Mr. X shared that his child refuses to communicate with him and he has lost motivation for life. I sympathized with him and felt powerless. Despite this, I allowed him the opportunity to express his frustrations as I listened. At this point, I became even more concerned and understood the need to apply Watson's second carative factor, the instillation of faith-hope. To do this, I inquired about his spiritual beliefs and personal values. It turned out that he believed in a higher power but felt that his current circumstances were not worth fighting for. I encouraged him to reconcile with his child if possible and spoke to him about the mercy and love bestowed upon us by the Almighty. I also offered the option of speaking with the Chaplin, but he declined. Now, it was important to implement Watson's fifth carative factor, which promotes and accepts the expression of both positive and negative emotions.

During a conversation with Mr. X, I reassured him that it was acceptable to experience his emotions and I was pleased that he felt comfortable expressing himself. This allowed me to gain a deeper understanding of his personality. This particular moment presented him with choices as to how he wanted to engage with me, while I made an effort to establish a connection by accepting him. Throughout this moment, I acted as an attentive listener, both through my verbal and nonverbal communication, conveying my interest and concern. According to Finfgeld-Connett (2008), this presence and display of care represents a deliberate therapeutic process that embodies the expertise of nursing practices along with intimate interpersonal sensitivity. The outcomes of this process are enhanced well-being, both mentally and physically, for those receiving care, as well as improved mental well-being for nurses themselves (p. 111-9).

Through my experience with Mr. X, I have discovered how patients perceive my level of caring and ways to improve it. As humans, we often form opinions quickly based on personal experiences or hearsay. However, spending time with Mr. X allowed me to confront my fear - the fear of feeling inadequate in providing quality care to my patients. This encounter ultimately increased my gratitude for life, health, and family. It also made me realize the significance of not hastily judging others based on their perceptions.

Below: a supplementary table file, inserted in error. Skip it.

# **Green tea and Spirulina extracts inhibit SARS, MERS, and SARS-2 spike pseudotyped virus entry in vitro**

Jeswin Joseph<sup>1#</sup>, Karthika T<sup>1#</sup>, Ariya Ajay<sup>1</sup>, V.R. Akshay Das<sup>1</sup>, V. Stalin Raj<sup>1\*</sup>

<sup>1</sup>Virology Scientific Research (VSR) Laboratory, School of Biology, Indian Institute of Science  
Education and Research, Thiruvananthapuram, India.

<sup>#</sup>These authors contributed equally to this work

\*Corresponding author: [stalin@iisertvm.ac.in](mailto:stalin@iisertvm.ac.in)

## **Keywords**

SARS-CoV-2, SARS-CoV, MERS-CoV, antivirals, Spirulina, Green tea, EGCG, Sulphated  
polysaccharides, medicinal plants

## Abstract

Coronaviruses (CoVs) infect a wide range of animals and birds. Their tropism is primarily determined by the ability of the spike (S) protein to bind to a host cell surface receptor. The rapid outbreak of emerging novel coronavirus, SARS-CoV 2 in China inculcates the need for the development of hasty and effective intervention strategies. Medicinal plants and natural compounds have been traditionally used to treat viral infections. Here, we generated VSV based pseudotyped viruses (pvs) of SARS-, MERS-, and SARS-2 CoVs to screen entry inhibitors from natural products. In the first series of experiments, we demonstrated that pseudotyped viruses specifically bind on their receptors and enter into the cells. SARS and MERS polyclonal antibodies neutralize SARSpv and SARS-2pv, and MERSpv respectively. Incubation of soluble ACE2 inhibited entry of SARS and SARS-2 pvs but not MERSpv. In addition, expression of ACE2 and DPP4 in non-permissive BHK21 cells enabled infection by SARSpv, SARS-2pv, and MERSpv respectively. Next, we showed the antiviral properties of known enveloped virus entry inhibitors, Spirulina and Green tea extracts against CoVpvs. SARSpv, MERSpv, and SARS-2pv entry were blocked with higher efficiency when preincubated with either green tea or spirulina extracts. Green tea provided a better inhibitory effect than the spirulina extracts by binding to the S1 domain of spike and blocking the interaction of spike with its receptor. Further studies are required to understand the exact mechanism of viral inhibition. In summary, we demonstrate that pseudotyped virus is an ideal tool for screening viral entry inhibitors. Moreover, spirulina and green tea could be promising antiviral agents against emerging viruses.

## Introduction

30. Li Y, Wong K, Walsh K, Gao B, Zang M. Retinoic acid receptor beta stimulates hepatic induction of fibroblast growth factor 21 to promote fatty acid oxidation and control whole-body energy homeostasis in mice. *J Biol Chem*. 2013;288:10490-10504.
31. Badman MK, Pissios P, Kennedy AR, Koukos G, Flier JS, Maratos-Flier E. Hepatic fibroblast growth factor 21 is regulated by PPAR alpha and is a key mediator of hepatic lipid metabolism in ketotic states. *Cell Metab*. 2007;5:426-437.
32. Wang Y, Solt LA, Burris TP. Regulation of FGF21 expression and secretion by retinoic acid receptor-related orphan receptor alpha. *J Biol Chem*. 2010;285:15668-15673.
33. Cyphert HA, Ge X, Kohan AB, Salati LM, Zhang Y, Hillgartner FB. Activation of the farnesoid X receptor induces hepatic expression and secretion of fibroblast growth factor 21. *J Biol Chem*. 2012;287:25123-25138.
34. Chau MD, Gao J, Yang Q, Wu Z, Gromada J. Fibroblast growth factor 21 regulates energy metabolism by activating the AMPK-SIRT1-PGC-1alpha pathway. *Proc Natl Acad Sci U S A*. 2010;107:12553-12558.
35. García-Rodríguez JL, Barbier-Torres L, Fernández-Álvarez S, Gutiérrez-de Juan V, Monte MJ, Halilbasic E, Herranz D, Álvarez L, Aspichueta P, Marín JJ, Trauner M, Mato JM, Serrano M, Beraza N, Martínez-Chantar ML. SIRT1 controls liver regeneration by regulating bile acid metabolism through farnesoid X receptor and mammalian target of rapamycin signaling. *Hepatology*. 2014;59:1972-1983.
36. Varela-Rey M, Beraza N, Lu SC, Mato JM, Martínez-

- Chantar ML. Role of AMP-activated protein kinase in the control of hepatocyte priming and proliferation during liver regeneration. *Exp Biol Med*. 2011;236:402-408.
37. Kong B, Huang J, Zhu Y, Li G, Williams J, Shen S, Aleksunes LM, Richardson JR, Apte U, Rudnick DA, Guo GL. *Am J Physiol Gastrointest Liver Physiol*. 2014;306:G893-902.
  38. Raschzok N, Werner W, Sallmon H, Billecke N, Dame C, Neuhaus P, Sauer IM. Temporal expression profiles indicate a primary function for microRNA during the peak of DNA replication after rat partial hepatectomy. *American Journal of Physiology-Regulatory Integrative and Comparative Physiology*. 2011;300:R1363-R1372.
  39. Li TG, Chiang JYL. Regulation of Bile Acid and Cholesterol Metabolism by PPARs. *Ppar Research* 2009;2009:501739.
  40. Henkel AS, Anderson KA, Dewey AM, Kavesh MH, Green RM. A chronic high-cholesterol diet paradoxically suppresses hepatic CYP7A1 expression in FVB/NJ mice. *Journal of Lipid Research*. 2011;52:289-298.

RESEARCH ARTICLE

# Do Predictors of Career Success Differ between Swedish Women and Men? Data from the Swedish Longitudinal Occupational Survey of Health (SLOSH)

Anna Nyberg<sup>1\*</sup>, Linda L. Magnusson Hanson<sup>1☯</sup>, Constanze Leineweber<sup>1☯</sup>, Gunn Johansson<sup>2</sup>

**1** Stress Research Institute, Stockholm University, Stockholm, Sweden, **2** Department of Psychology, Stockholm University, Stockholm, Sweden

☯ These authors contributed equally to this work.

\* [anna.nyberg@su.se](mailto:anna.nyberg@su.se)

Instead, it is crucial to take the time to comprehend the factors that influence a person's attitude. This specific experience taught me that I do not always need complete control; sometimes, it is better to dedicate a few minutes to listen and learn. At that moment, I felt content knowing that I had pursued my calling as a nurse.

The discussion with Mr. X had a positive impact as he expressed his appreciation for my willingness to listen. He also agreed to make efforts to repair his relationship with his child. Despite his failing health, his spirit was visibly brightened, evident from the smile on his face and his receptiveness to touch. This time, he was the one holding my hands. Upon reflecting on Mr. X's situation, I realized that discussing the involvement of a case manager would have been beneficial. This would ensure follow-up on his needs and provide him with necessary counseling services and referral information, if required. Additionally, it would enable him to join a support system that could assist in rebuilding his family structure.

The Nursing Metaparadigm, in relation to the concept of caring moments.

According to Cara (n.d.), Watson (1988b) defines the person as a being-in-the-world who holds three spheres of being - mind, body, and spirit - that are influenced by the concept of self and who is unique and free to make choices (para. 15). Using Watson's view of person, my moment with Mr. X allowed me to inquire about his family, lifestyle, and environment and not just his diagnosis. Nightingale's concept of environment was adopted by Watson who saw the importance of having the patient's room clean and neat as this would aid with healing (Cara, n.d.). As evident in my initial approach, before Mr. X's arrival, I ensured that the room was clean, water pitcher filled, drinking cups, facial tissue, disposal bag, and urinal were at his bedside. The bed was properly made and adequate blanket available.

During my caring moment, I incorporated Watson's viewpoint on nursing. As stated by Cara (n.d.), Watson defines nursing as a human science that involves offering care for individuals and their experiences with health and illness through professional, personal, scientific, aesthetic, and ethical interactions (para.20). I applied this perspective in my nursing practice by recognizing my emotions and the lessons learned from my encounter with Mr. X, while tending to his needs in mind, body, and spirit to enhance the situation. The provision of nursing care to maintain health must be suitable and efficient. According to Watson's definition, health goes beyond mere absence of disease; it is a subjective sensation that encompasses all aspects of an individual's well-being (Cara,n.d.).